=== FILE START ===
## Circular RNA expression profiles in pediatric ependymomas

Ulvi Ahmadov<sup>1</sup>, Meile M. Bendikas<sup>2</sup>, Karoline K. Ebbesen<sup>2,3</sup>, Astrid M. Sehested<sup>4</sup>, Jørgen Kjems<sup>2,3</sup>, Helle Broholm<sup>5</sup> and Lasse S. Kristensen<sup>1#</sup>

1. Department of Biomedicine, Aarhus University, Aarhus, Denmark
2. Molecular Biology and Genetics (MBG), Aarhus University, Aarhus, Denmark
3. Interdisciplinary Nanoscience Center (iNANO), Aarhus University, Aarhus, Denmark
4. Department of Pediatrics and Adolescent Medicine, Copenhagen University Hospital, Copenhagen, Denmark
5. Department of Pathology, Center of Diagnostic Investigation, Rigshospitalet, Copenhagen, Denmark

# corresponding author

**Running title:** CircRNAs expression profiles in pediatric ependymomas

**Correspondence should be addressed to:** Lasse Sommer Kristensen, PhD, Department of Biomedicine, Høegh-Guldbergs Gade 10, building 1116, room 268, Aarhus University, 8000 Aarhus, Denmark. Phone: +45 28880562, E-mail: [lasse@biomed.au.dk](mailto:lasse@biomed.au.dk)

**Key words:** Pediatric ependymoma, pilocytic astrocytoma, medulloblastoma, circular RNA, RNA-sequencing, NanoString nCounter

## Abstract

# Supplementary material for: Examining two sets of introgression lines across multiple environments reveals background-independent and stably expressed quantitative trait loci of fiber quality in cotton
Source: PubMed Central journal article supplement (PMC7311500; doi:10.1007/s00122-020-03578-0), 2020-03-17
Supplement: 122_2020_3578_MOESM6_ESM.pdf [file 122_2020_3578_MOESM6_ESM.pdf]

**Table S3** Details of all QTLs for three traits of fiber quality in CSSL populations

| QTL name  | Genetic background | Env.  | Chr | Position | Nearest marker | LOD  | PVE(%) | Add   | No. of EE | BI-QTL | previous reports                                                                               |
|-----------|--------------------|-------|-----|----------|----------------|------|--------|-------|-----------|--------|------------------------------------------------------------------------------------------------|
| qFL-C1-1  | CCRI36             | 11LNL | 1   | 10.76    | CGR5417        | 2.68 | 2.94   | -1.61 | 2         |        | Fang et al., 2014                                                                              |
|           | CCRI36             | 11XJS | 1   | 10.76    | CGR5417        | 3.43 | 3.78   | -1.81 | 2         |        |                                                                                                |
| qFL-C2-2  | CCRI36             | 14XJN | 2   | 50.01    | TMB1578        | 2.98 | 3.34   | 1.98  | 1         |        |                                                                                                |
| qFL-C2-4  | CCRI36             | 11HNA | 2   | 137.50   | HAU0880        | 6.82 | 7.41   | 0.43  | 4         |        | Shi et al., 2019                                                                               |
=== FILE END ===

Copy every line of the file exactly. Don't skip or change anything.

## Circular RNA expression profiles in pediatric ependymomas

Ulvi Ahmadov<sup>1</sup>, Meile M. Bendikas<sup>2</sup>, Karoline K. Ebbesen<sup>2,3</sup>, Astrid M. Sehested<sup>4</sup>, Jørgen Kjems<sup>2,3</sup>, Helle Broholm<sup>5</sup> and Lasse S. Kristensen<sup>1#</sup>

1. Department of Biomedicine, Aarhus University, Aarhus, Denmark
2. Molecular Biology and Genetics (MBG), Aarhus University, Aarhus, Denmark
3. Interdisciplinary Nanoscience Center (iNANO), Aarhus University, Aarhus, Denmark
4. Department of Pediatrics and Adolescent Medicine, Copenhagen University Hospital, Copenhagen, Denmark
5. Department of Pathology, Center of Diagnostic Investigation, Rigshospitalet, Copenhagen, Denmark

# corresponding author

**Running title:** CircRNAs expression profiles in pediatric ependymomas

**Correspondence should be addressed to:** Lasse Sommer Kristensen, PhD, Department of Biomedicine, Høegh-Guldbergs Gade 10, building 1116, room 268, Aarhus University, 8000 Aarhus, Denmark. Phone: +45 28880562, E-mail: [lasse@biomed.au.dk](mailto:lasse@biomed.au.dk)

**Key words:** Pediatric ependymoma, pilocytic astrocytoma, medulloblastoma, circular RNA, RNA-sequencing, NanoString nCounter

## Abstract

# Supplementary material for: Examining two sets of introgression lines across multiple environments reveals background-independent and stably expressed quantitative trait loci of fiber quality in cotton
Source: PubMed Central journal article supplement (PMC7311500; doi:10.1007/s00122-020-03578-0), 2020-03-17
Supplement: 122_2020_3578_MOESM6_ESM.pdf [file 122_2020_3578_MOESM6_ESM.pdf]

**Table S3** Details of all QTLs for three traits of fiber quality in CSSL populations

| QTL name  | Genetic background | Env.  | Chr | Position | Nearest marker | LOD  | PVE(%) | Add   | No. of EE | BI-QTL | previous reports                                                                               |
|-----------|--------------------|-------|-----|----------|----------------|------|--------|-------|-----------|--------|------------------------------------------------------------------------------------------------|
| qFL-C1-1  | CCRI36             | 11LNL | 1   | 10.76    | CGR5417        | 2.68 | 2.94   | -1.61 | 2         |        | Fang et al., 2014                                                                              |
|           | CCRI36             | 11XJS | 1   | 10.76    | CGR5417        | 3.43 | 3.78   | -1.81 | 2         |        |                                                                                                |
| qFL-C2-2  | CCRI36             | 14XJN | 2   | 50.01    | TMB1578        | 2.98 | 3.34   | 1.98  | 1         |        |                                                                                                |
| qFL-C2-4  | CCRI36             | 11HNA | 2   | 137.50   | HAU0880        | 6.82 | 7.41   | 0.43  | 4         |        | Shi et al., 2019                                                                               |